Scandal shows Hungary’s opposition that Orban is not invincible after all
Shock mayoral poll after EU funding fraud harms ruling party’s bid to win third term in government
AT FIRST glance, there is nothing special about the energy-efficient street lights of Hódmezővásárhely, a small town of 45,000 inhabitants in southern Hungary whose convoluted name loosely translates as “the marketplace on the beaver’s field”.
But as Hungary goes to the polls today, the furore that erupted over the street lights is offering a few crumbs of hope to the country’s fragmented opposition as they try to stop Viktor Orbán, the country’s increasingly autocratic prime minister, from winning a third consecutive term.
Mr Orbán’s ruling Fidesz party is riding high in the official polls, with some 40 per cent of the vote, but a shock election defeat for the Fidesz candidate in Hódmezővásárhely’s mayoral election last month has raised questions about whether Mr Orbán is quite as invincible as he seems.
In that contest, it was those LED street lights – or, more exactly, an EU investigation alleging they were part of a multimillion-euro procurement fraud – that helped precipitate the political backlash that saw Fidesz defeated.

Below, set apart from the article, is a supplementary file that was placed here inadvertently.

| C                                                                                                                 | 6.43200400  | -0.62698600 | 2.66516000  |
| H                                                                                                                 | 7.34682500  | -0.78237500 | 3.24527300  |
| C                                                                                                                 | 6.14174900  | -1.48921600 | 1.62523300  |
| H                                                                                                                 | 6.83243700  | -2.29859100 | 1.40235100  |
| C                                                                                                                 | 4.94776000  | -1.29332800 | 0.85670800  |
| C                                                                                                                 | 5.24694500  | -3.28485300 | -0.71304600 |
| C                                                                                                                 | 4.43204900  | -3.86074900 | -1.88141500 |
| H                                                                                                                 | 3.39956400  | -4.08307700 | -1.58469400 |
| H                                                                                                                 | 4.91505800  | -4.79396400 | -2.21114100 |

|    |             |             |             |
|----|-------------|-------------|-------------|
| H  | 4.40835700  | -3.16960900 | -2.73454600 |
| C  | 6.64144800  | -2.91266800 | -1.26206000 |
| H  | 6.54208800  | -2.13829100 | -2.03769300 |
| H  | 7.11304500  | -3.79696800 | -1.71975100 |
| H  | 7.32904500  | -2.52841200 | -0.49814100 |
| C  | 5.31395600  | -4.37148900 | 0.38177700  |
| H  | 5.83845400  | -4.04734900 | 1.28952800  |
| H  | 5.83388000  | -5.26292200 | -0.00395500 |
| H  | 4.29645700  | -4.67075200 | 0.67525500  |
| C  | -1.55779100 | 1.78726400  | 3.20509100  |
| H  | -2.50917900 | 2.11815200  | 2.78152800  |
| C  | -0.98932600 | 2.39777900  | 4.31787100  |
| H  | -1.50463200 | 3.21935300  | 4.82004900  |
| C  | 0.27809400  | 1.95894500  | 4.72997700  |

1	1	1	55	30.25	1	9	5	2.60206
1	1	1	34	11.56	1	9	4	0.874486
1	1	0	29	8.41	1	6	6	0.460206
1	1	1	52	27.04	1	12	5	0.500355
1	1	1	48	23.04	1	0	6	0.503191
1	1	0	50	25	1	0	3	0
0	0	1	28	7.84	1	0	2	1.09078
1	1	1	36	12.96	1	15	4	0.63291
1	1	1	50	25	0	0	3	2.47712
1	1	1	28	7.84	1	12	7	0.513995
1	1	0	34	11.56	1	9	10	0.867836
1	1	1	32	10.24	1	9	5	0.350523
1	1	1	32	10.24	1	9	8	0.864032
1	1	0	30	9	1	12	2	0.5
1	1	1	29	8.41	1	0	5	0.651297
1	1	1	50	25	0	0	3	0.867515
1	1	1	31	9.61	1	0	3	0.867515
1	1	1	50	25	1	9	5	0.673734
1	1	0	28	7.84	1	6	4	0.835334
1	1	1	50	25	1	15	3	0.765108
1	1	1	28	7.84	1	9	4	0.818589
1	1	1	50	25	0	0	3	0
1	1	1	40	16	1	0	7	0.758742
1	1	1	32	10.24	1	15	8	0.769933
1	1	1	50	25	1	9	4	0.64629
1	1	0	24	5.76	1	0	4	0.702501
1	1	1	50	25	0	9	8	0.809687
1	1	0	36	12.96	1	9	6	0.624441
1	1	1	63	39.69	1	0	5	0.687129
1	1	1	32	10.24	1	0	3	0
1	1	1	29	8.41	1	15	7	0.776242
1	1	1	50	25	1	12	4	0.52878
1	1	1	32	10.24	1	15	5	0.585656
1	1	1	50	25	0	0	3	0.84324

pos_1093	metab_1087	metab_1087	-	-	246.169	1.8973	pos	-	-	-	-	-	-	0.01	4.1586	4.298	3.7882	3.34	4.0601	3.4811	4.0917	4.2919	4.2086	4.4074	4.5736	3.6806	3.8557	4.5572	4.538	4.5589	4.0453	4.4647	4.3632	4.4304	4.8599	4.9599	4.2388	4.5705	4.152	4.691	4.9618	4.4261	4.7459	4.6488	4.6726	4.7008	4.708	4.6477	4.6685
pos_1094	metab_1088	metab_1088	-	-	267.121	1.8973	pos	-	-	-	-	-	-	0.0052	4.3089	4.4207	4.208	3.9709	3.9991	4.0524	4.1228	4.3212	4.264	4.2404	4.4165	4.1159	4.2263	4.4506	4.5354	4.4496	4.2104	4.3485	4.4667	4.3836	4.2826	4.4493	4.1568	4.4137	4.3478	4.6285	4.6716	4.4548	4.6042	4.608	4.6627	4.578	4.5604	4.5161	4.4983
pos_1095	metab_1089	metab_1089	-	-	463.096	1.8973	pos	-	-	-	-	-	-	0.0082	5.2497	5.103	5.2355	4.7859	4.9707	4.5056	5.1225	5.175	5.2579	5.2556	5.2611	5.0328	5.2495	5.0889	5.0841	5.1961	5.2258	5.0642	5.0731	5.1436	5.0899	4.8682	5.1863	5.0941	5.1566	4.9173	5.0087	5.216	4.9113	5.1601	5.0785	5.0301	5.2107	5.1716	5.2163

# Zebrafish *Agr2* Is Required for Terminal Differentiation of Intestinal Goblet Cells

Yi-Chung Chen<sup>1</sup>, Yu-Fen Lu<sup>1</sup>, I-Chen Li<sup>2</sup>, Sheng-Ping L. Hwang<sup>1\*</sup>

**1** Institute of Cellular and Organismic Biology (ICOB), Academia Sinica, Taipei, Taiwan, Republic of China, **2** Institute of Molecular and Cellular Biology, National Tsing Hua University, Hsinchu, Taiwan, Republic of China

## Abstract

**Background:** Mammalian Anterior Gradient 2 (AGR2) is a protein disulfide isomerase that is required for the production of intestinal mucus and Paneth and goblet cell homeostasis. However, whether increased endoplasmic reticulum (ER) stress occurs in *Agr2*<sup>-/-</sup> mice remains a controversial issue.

An investigation by the EU fraud watchdog found “serious irregularities” in some €40 million (£35 million) worth of contracts to modernise street lighting in 35 towns across Hungary, including Hódmezővásárhely. All the contracts were won by a company that was then co-owned and led by István Tiborcz, Mr Orbán’s son-in-law.
The alleged scandal galvanised the opposition parties to unite behind a single “independent” candidate, pulling off a victory that stunned the Fidesz party leadership. Péter Márki-Zay, the successful candidate, says his hard- fought campaign has come to sum up how Mr Orbán’s party has captured so much of the apparatus of Hungarian democracy that a fair fight in the national elections is now close to impossible.
During his campaign, Mr Márki-Zay struggled with local media, which is controlled by Fidesz-friendly press barons and the local bureaucracy.
Media outlets refused to sell him advertising space, restaurants and public buildings refused to rent him space for meetings, and the local election commission only accepted and upheld Fidesz’s complaints. Mr Márki-Zay believes that today’s election represents one of the last chances to loosen Fidesz’s grip on power, which is built on an ever-deepening network of economic and political interests designed to squeeze out opponents.
“There’s a huge risk that Fidesz will complete its capture of the state and civil society,” he said. “I often compare it to the completion of the Death Star in Star Wars. When this is done, they can totally destroy all opposition.”